I always always always feel like absolute crap:smackingf when I realize that I've actually hurt someone's feelings, or that they took me seriously. It doesn't happen often - I've improved greatly on waiting until someone knows me well enough before I joke around with them - 99% of the time everyone knows I'm kidding & thinks it's funny. But, yeah, I was the queen of Foot-in-Mouth for awhile there.

    I can't speak for the DON, but she might have said that because your co-workers are really abusing their breaks & she was too afraid to actually single them out, so she chose someone not in violation of the policy as a round-about-way of getting her point across - to emphasize her point, without actually pointing her finger @ the guilty parties. You've only been there 5 months, so maybe she said it in an attempt to joke around with you to get to know you better.

    I think you should say something because otherwise, it'll just keep continuing, without her knowing that she really offended you. Or (as is the usual in my case), it'll just keep continuing until you get used to her sense of humor & your feelings will just continue to get hurt in the meantime. I have a number of friends who tell me they didn't know how to take me when they first met me, but they totally get my sense of humor now.

    Good luck.
  5. by   TazziRN
    Since you're not sure if the DON was joking or not, I would say something.

    "Ms. DON, could I have a word with you? In the meeting when you mentioned the breaks and you mentioned my name, was that because there's a problem? Am I doing something wrong?"
  6. by   caliotter3
    By all means talk to her about it and get matters cleared up. It seems to me that had she been joking, it would have been evident to you. If she has been getting erroneous info about your job performance, you will want to find out now and take steps to set the record straight.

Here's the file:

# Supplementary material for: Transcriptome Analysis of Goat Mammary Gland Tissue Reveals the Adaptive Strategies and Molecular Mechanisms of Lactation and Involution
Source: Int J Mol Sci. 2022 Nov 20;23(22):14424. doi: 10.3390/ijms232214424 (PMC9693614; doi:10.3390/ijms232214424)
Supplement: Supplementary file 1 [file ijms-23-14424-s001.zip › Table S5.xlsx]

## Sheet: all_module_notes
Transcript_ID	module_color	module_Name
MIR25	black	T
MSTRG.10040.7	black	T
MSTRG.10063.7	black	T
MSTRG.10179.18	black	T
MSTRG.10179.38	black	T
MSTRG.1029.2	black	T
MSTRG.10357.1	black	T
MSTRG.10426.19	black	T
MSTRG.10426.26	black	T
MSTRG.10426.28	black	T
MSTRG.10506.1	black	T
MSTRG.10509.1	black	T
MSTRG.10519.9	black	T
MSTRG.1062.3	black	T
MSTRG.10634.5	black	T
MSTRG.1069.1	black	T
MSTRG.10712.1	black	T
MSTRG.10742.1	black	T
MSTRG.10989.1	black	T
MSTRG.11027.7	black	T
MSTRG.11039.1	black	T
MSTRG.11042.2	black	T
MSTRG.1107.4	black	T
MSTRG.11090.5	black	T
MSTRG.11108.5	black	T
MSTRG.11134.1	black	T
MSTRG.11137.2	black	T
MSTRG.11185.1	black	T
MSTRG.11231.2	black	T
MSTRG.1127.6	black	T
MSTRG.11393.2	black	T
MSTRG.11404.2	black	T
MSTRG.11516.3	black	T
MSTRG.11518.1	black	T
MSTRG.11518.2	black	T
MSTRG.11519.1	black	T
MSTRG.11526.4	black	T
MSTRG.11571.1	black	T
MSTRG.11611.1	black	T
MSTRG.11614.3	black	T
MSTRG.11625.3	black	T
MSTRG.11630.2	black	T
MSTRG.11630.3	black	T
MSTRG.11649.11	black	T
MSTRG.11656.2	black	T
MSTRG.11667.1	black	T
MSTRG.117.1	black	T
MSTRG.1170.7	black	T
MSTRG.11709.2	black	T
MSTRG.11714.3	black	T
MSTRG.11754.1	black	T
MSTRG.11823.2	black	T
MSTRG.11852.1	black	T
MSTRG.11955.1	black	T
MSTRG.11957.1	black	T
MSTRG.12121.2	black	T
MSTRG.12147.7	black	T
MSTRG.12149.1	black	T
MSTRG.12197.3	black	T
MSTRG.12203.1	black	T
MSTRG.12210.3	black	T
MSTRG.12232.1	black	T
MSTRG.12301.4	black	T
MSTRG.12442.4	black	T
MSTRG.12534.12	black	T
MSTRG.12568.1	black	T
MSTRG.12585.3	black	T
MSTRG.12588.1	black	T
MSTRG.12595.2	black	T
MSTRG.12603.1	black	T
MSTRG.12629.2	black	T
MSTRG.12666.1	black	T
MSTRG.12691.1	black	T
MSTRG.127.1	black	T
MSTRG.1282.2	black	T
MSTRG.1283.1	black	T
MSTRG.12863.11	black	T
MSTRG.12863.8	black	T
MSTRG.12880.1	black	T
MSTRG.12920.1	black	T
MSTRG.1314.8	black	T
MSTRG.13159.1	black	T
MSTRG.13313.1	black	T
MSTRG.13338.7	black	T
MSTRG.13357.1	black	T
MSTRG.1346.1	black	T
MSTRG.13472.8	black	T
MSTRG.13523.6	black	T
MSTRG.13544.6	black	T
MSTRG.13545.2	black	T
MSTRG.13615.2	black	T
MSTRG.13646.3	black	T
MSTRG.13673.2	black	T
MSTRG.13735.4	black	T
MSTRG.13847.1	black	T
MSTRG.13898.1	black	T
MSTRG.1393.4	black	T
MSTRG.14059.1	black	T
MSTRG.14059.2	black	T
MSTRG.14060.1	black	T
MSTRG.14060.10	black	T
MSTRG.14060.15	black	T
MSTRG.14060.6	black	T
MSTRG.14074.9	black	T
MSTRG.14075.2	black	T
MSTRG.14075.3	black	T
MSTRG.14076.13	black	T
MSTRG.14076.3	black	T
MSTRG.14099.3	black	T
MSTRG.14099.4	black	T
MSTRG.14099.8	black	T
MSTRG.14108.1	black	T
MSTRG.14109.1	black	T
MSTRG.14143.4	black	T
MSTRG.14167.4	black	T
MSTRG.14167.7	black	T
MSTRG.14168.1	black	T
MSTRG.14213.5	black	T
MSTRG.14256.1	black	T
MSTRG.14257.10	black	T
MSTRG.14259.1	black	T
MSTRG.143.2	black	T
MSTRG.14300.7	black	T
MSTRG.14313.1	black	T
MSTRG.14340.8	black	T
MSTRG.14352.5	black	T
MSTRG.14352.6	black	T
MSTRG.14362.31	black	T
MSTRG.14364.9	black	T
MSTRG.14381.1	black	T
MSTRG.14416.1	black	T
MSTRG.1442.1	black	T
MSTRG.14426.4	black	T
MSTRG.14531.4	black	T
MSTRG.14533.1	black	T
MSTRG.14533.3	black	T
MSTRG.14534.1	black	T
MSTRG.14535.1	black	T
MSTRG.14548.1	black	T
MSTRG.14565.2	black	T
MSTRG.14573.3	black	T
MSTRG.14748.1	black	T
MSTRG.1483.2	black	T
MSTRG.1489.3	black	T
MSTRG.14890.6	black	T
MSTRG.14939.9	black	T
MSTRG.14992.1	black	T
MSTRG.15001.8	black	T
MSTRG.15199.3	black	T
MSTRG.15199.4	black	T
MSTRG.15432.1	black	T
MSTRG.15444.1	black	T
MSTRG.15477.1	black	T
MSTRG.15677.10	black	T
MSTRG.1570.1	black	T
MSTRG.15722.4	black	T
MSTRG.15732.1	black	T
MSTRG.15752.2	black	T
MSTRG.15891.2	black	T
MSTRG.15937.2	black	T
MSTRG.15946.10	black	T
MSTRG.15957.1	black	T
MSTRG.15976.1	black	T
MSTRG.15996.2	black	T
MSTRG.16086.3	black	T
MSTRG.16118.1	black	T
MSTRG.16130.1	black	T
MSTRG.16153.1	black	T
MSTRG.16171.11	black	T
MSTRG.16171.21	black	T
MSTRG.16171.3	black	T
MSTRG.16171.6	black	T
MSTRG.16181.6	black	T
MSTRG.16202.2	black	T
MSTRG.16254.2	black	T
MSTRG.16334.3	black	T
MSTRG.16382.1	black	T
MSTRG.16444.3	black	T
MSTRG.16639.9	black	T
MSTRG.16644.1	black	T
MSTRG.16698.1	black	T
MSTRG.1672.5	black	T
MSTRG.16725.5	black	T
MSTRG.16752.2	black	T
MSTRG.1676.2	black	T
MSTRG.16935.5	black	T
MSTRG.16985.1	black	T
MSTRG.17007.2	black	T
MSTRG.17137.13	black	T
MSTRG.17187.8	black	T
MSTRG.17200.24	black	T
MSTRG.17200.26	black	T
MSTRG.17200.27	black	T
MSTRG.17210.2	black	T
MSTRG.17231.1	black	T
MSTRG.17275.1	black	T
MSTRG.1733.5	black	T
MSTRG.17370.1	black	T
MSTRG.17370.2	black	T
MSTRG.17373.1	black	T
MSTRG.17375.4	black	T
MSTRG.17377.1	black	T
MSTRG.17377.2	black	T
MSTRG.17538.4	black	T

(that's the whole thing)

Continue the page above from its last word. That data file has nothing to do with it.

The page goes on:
7. by   LoveMyBugs
    Quote from caliotter3
    By all means talk to her about it and get matters cleared up. It seems to me that had she been joking, it would have been evident to you. If she has been getting erroneous info about your job performance, you will want to find out now and take steps to set the record straight.
    The next time I see her I will plan on asking her what she ment by that comment. I really am not sure if she was joking or not because I never really have spoken with her, I work Fri, Sat, and Sun swings, so the only times I have really seen her is on the off chance that she comes in on the weekend, and during our inserivce meetings. Another question, I have been there 5 months and have never recevied any feedback on my job performance, never got a 90 day evaluation, so far that off handed comment is the only feedback I have received, so is no feedback good or bad?
  8. by   caliotter3
    In general no news is good news. I was even told that one time outright. However, I have been in at least one situation as a CNA and at least one situation as a licensed nurse, where I received no feedback to my detriment.
    A licensed nurse one time was bragging about how she had not received a yearly evaluation in 8 years. That meant that for 8 years no supervisor was concerned with the fact that this nurse slept all night on night shift and ignored her patients. At the same time she was sleeping all night, I was busting my butt, doing a good job. I had to bring up the subject of my yearly evaluation being due to the supervisor. She was not even aware that it was my anniversary. I made certain that my eval was done and found its way into my personnel file. You have to always watch out for yourself. A good evaluation for a CNA can mean a good reference for nursing school or a good reference for a new job. You can't have that if the boss is getting bad feedback about you. I hope your discussion is productive and positive.